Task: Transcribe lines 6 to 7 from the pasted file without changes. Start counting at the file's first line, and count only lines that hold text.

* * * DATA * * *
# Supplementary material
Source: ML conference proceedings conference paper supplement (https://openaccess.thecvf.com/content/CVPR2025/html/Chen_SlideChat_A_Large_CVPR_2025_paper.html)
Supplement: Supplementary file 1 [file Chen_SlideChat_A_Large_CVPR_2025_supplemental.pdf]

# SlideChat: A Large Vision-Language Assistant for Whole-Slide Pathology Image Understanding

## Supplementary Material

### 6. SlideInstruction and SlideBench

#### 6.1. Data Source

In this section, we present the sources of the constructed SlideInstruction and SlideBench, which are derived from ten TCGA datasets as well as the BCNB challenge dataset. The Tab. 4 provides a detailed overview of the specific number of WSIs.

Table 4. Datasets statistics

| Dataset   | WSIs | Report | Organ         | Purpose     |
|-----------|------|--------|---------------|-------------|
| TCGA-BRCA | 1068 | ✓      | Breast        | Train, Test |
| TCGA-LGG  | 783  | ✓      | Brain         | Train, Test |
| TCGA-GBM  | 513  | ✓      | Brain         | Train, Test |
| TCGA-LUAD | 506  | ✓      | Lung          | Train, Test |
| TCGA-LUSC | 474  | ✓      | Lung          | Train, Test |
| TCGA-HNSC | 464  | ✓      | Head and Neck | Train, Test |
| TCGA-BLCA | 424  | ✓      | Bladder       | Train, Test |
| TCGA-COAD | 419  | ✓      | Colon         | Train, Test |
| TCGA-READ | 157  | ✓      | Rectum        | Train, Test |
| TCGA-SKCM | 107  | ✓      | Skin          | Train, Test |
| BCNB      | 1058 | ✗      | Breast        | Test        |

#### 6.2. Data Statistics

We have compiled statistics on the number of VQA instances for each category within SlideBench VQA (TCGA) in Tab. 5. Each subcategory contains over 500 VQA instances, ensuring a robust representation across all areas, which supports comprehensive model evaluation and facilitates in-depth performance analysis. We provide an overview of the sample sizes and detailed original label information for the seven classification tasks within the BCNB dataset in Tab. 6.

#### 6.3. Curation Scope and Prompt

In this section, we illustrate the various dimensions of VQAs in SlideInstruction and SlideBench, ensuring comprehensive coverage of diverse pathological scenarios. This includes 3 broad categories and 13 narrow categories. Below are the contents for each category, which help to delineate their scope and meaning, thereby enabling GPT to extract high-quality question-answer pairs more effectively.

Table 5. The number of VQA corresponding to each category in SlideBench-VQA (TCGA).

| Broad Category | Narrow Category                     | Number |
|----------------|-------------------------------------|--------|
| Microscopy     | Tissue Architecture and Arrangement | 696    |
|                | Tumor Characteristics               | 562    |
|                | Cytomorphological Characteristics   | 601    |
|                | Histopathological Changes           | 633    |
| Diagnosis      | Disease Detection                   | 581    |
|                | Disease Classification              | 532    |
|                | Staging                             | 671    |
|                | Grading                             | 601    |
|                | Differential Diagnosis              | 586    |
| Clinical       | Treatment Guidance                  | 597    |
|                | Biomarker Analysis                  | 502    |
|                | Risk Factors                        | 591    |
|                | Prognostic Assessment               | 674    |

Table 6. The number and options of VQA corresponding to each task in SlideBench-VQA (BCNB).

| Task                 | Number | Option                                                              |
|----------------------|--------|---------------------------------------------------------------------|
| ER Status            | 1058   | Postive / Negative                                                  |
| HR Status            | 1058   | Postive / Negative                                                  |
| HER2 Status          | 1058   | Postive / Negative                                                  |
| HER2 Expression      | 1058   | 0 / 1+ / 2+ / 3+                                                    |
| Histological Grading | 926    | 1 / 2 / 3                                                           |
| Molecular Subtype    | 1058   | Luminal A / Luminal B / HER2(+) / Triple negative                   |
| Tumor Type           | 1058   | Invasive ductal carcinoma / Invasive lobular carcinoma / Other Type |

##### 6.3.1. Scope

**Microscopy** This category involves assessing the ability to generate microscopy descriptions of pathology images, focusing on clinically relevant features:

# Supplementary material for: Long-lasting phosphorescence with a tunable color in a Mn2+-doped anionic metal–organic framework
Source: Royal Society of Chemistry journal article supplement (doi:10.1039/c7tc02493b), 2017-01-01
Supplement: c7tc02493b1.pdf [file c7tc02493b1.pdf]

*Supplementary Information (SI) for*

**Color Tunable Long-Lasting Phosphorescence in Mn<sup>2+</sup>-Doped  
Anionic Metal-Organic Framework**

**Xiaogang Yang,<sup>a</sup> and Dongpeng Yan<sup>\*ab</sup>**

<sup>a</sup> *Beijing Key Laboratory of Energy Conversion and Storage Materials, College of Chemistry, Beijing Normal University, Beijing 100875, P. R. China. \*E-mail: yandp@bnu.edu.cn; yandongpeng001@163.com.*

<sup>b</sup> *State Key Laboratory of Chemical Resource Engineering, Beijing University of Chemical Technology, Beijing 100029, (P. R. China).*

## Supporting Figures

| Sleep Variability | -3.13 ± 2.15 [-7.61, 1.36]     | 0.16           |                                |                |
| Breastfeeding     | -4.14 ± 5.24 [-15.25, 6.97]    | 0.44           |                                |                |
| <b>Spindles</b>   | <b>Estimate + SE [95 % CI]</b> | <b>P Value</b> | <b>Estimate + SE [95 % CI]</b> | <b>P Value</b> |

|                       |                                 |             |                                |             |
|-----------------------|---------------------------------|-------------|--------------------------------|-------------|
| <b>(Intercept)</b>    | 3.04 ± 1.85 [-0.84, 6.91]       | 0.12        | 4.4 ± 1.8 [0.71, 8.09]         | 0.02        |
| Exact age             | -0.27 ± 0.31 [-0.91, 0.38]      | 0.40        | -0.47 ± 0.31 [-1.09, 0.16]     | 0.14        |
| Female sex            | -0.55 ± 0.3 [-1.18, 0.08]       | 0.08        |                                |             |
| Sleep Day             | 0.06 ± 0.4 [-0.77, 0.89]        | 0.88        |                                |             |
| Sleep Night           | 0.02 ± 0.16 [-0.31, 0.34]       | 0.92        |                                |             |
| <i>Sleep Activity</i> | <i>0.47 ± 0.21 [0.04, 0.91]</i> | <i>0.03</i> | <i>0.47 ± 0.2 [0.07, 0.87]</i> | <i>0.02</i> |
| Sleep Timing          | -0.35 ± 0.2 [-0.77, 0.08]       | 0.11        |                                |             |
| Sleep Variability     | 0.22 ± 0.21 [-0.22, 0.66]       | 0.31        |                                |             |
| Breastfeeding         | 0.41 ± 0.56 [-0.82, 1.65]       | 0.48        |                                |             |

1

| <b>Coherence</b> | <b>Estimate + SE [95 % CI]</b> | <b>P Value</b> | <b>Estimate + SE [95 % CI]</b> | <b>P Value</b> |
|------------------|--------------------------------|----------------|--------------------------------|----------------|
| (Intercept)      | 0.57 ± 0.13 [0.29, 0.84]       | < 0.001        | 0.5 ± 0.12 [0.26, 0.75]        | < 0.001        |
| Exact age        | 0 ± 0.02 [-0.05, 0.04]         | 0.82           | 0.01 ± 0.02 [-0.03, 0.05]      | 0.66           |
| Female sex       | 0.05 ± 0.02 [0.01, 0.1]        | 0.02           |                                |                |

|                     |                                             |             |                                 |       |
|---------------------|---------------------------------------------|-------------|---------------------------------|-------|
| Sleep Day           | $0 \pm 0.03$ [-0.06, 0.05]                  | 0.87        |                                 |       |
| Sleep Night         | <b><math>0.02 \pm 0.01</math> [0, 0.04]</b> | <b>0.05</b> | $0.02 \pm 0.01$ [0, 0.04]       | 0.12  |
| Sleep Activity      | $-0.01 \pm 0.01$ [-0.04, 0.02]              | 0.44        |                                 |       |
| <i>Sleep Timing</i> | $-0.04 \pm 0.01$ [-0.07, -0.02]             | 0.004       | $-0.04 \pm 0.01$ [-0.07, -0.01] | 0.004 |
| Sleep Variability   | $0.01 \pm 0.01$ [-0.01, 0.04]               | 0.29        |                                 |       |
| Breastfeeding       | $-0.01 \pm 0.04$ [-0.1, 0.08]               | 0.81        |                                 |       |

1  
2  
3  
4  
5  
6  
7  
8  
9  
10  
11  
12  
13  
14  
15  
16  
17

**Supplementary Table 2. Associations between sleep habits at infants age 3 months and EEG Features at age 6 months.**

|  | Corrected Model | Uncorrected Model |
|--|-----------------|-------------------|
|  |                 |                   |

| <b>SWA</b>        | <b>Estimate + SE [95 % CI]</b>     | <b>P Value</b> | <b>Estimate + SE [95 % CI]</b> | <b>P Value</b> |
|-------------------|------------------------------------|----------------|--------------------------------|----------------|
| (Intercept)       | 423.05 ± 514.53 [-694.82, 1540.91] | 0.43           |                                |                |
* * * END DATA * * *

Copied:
### 6. SlideInstruction and SlideBench

#### 6.1. Data Source